Agglomerated by British colonial rule, the fault lines in Nigeria’s political make up was evident during the pogrom of the Igbo’s in the North after the first coup d’etat in 1966 which led to a 30month civil war. Ever since, there has been no stop to bloodletting in pockets of sporadic ethnoreligious violence in Northern cities of Kano, Kaduna, Bauchi etc each time targeting Christians and Southerners (either Christian or Muslim). It is however sad to note that after such riots, no master minder/perpetrator is brought to book. This has fuelled suspicion and mistrust conjuring insinuations that the government (at those times controlled by Northerners) where behind the violence.
With the advent of democracy in 1999, power shifted to the south as Ex-Military ruler, Gen. Obasanjo won the presidential elections. His advent to power was seen as power balance after 20 contiguous years of Military rule albeit by Northerners. He went on to rule for two terms and made attempts to push for a third term which was thwarted. The North/South ethno religious mistrust continued to fester during his rule as some governors of Northern states sued for sharia law in their domain. With the Presidency powerless to stop the trend, the entrenched mistrust cascaded into riots in Northern Christian enclaves of Jos and its environs.
Aside, ethno-religious violence, Nigeria’s peace has been taunted by the rise of militancy. This is a resultant of politicians arming thugs to intimidate their opponents and then abandoning or refusing to mop up arms given to these thugs after elections. These actions fuelled the ferocity and menace of the Niger Delta militants in the Niger Delta and Boko Haram in the North East.
The Niger Delta after a long agitation for resource control has produced the Country’s current president in Dr. Goodluck Jonathan and, this has helped to quell the activities of the Militants. However, with elections around the corner and the president intending to run for a second term, there have been associated excerbated fears in the National polity viz:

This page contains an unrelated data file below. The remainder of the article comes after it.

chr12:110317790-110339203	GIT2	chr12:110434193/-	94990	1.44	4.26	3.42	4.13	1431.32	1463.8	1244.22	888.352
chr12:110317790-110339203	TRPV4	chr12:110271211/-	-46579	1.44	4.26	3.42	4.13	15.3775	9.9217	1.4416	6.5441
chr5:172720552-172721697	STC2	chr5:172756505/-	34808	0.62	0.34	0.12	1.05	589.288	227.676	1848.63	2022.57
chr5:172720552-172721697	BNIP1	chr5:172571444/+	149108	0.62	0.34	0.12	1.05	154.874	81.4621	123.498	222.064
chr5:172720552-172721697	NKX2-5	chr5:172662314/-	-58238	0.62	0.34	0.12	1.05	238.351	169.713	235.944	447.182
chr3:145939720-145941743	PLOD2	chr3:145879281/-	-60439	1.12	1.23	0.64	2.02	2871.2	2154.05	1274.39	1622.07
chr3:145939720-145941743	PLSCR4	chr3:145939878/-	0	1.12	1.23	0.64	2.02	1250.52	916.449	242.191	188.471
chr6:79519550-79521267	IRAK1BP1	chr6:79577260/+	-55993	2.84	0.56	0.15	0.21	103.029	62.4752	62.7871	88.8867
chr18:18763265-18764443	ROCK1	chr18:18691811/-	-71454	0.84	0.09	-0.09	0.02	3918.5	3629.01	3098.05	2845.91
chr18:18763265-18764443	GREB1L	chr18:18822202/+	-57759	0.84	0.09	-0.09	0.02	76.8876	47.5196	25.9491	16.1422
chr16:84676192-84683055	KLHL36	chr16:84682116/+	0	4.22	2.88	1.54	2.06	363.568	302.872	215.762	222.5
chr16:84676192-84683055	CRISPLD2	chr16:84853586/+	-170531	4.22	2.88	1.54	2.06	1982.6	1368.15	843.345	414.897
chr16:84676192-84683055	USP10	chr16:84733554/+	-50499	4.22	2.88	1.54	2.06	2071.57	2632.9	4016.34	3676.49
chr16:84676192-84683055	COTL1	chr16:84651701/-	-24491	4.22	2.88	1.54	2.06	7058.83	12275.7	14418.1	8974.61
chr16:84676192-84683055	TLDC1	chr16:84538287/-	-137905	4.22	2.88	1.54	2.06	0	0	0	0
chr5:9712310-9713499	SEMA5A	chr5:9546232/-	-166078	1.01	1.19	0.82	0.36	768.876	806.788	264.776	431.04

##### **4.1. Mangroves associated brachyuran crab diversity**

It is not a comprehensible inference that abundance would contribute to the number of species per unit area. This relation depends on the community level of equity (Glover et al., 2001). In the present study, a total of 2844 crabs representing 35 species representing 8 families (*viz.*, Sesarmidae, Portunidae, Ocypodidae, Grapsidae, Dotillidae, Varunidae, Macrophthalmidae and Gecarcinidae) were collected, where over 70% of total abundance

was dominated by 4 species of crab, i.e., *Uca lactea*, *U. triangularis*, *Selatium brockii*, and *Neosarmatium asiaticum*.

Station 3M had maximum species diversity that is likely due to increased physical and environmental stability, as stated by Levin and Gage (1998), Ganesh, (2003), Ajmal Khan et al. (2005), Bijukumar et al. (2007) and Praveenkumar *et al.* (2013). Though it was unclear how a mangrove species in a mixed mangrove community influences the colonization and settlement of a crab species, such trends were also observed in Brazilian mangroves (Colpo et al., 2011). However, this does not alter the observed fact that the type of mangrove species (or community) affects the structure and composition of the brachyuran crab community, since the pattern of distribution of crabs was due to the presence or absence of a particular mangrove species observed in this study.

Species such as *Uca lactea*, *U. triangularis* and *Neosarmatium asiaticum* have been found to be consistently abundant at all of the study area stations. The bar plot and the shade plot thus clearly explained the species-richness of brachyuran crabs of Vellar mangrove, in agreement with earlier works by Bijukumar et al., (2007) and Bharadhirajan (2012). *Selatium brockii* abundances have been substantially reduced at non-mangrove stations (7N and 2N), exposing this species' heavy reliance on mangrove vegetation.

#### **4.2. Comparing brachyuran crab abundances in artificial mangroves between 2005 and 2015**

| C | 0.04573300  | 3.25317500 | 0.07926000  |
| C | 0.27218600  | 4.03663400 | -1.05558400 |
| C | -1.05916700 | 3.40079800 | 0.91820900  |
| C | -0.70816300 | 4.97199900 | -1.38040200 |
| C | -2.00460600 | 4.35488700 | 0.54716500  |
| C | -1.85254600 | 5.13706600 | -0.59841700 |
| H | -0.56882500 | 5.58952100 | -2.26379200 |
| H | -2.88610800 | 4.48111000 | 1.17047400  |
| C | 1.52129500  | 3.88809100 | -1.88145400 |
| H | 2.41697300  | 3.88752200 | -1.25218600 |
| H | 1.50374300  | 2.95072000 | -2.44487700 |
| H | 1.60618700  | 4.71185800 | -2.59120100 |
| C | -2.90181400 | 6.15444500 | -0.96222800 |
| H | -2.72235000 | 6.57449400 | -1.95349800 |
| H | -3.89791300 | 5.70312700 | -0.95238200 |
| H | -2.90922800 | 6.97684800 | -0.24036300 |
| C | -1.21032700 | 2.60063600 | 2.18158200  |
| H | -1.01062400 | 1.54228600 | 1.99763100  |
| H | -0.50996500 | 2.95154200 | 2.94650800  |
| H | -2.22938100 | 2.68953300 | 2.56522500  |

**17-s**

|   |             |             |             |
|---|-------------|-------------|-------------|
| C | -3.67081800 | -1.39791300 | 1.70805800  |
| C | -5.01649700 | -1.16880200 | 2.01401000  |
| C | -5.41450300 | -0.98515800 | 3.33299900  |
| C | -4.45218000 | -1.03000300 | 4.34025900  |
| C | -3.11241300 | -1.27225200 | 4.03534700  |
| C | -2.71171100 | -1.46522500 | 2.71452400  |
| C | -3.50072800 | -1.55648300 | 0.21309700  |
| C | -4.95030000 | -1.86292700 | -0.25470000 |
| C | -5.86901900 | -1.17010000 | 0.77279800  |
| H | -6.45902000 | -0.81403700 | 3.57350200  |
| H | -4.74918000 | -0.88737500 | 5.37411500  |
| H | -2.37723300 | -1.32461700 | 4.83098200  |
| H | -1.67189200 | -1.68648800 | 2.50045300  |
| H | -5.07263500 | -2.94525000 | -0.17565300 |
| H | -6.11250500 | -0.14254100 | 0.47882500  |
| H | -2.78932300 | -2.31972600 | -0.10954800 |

- A prominent Niger Delta militant leader, Asari Dokubo have issued a threat that the President either wins the election or not return home as the President must exhaust all available term limit.
- There are fears that elections may not hold in some parts of the North East where Boko Haram’s activities are ferocious thus granting illegitimacy to any planned elections.
- Security fears have made elections to be postponed from February 14th to March 28 with the intention that the army would have recaptured territories occupied by Boko Haram.
- There are innate fears that the elections might not even hold at all with the premise that: If the army could not contain Boko Haram in the last 6 years, how would they in 6 weeks? This might cause a constitutional crisis if the transition programme is thwarted.
- The outburst of Militants and opposition leaders threatening war or forming a parallel government casts a shadow of impending violence on the Nation.
Ultimately, the fear is this: If President Jonathan looses at the polls, the Niger Delta militants might begin violence which entails bursting oil pipelines, kidnapping of oil workers all of which will shut down oil production which is the main stay of the economy.
A win for President Jonathan might ignite post election violence in the North and with a delicate security balance unlike 2011; the security forces might have their hands full in that regard.
Every Nigerian knows what the permutations are and in the end the resilient spirit will wear on, but some lives will be lost and life will go on till another political transition period when the same cycle will be repeated.